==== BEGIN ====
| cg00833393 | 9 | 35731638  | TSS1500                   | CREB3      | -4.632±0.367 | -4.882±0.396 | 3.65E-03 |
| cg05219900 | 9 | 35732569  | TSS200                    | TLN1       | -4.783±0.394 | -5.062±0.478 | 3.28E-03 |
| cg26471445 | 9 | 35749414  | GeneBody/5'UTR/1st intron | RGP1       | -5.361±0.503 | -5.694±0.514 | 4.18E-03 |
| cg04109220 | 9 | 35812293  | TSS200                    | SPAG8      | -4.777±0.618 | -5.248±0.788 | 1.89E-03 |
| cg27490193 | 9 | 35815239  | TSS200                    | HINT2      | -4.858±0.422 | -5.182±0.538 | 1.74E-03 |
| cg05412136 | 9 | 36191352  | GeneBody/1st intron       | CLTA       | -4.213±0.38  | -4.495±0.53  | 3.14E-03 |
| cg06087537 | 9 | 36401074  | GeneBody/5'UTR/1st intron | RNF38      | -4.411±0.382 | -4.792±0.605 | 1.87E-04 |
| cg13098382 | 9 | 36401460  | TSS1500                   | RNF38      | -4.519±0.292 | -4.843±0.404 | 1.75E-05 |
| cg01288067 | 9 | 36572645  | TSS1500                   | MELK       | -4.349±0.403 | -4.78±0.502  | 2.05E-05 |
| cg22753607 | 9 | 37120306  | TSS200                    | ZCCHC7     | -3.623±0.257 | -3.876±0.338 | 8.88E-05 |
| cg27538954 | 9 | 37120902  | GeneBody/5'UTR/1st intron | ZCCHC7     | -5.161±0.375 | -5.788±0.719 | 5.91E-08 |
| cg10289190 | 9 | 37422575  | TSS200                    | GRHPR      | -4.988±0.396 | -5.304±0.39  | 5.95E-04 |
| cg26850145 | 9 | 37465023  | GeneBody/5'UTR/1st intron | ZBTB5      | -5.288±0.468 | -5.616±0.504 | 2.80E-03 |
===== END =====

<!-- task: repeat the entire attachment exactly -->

| cg00833393 | 9 | 35731638  | TSS1500                   | CREB3      | -4.632±0.367 | -4.882±0.396 | 3.65E-03 |
| cg05219900 | 9 | 35732569  | TSS200                    | TLN1       | -4.783±0.394 | -5.062±0.478 | 3.28E-03 |
| cg26471445 | 9 | 35749414  | GeneBody/5'UTR/1st intron | RGP1       | -5.361±0.503 | -5.694±0.514 | 4.18E-03 |
| cg04109220 | 9 | 35812293  | TSS200                    | SPAG8      | -4.777±0.618 | -5.248±0.788 | 1.89E-03 |
| cg27490193 | 9 | 35815239  | TSS200                    | HINT2      | -4.858±0.422 | -5.182±0.538 | 1.74E-03 |
| cg05412136 | 9 | 36191352  | GeneBody/1st intron       | CLTA       | -4.213±0.38  | -4.495±0.53  | 3.14E-03 |
| cg06087537 | 9 | 36401074  | GeneBody/5'UTR/1st intron | RNF38      | -4.411±0.382 | -4.792±0.605 | 1.87E-04 |
| cg13098382 | 9 | 36401460  | TSS1500                   | RNF38      | -4.519±0.292 | -4.843±0.404 | 1.75E-05 |
| cg01288067 | 9 | 36572645  | TSS1500                   | MELK       | -4.349±0.403 | -4.78±0.502  | 2.05E-05 |
| cg22753607 | 9 | 37120306  | TSS200                    | ZCCHC7     | -3.623±0.257 | -3.876±0.338 | 8.88E-05 |
| cg27538954 | 9 | 37120902  | GeneBody/5'UTR/1st intron | ZCCHC7     | -5.161±0.375 | -5.788±0.719 | 5.91E-08 |
| cg10289190 | 9 | 37422575  | TSS200                    | GRHPR      | -4.988±0.396 | -5.304±0.39  | 5.95E-04 |
| cg26850145 | 9 | 37465023  | GeneBody/5'UTR/1st intron | ZBTB5      | -5.288±0.468 | -5.616±0.504 | 2.80E-03 |